All I needed to hear was that James Spader was involved, and I was all in. And as expected, he makes his presence known from his first moments on screen. He brings a quiet reserve and intensity as the more than slightly unhinged hitman Lee. However, Spader isn’t the only familiar face involved with 2 Days in the Valley, as the film also features the likes of Terri Hatcher, Danny Aiello, Charlize Theron, Eric Stoltz, Jeff Daniels. Even Michael Jai White makes a brief cameo in the beginning as a car thief with a heart of gold. The film is marketed as a neo noir crime story depicting the butterfly effect of a single event and the mayhem that ensues as a result. In concept and partially in execution, I would categorize the story as a success. However, as I said, only partially in execution. In a sense, there are too many moving parts, and some avenues were not properly concluded to my satisfaction. The main storyline line is excellent, but the events interwoven into the events of the main story diminish the overall quality of the film.
In the main story, we are introduced to Lee, a singularly focused individual who is also quite calculating. He is a hitman who brings along a desperate mafioso, played Danny Aiello, on his latest job for reasons that are later discovered. It is clear very early on that Lee is merely tolerating Aiello’s character as a means to an end. That end is discovered to be to make him the patsy in his latest contract, the killing of a former Olympic athlete’s ex-husband. Things appeared to be going according to plan until it becomes clear that the mafioso is not as dimwitted as he appears and survives Lee’s attempts to kill him.
What follows is the unraveling of Lee’s well-thought-out plan, as events continue to transpire to disrupt his plans of getting out of dodge and beginning anew. Now given Lee’s chosen profession, it is a little difficult to root for him to win happily-ever-after. Regardless, there is no question that James Spader is the film’s biggest draw. Lee, while amoral, is the only one who seems to be remotely in control. Aiello’s character is merely reacting; hence him taking hostages and all its ensuing calamity. Hatcher’s character is clearly in over her head, as her story arc reveals her to be not as innocent as she initially appeared. Then there is the storyline following Stolz and Daniels; two cops, one a wide-eye idealist (Stolz) and other a jaded veteran (Daniels). This was a storyline that I felt really didn’t fully pan out. When they are introduced, they are having philosophical differences about a raid to shut down a newly opened Japanese massage parlor in the valley. From there they find themselves wrapped up in the conspiracy involving Hatcher’s character. Well, at least Stolz’s character does; Daniels character is essentially written off with very little explanation. Now while I found this character to be repugnant, I was not too sad to see him go. However, a better explanation was required to ensure a satisfactory conclusion for this character. As is, it feels incomplete.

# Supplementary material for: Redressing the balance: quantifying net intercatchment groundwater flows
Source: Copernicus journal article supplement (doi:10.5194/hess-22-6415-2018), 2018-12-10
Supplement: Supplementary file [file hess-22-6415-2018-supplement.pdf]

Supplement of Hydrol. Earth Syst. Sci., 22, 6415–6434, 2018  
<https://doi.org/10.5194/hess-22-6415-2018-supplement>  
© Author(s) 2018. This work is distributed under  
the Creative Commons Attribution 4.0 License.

Adding to that, there are one too many characters in this story. Namely, I don’t see the point of the Teddy Peppers character, i.e. the down-on-his-luck TV producer. His inclusion added no value in my opinion; there were other hostages, so that need was already satisfied, and his inclusion just pulls focus away from the other events transpiring.
In truth, there really only needed to be two storylines in my opinion: the one involving Lee’s character and Hatcher’s. With these two, you get a majority of the butterfly effect that was set off when Lee completed his contract. The events involving Aiello only have two periods that really interest me: when he is double-crossed and the inevitable conclusion that was guaranteed to follow that double-cross. Everything else was just noise.
That said, I did enjoy the film. I enjoyed watching as a well-thought-out plan began to unravel. That is where the intrigue of this movie resided. And while I was sure that Spader’s character should win, it was hard not to root for the only guy who seemed to know what he was doing.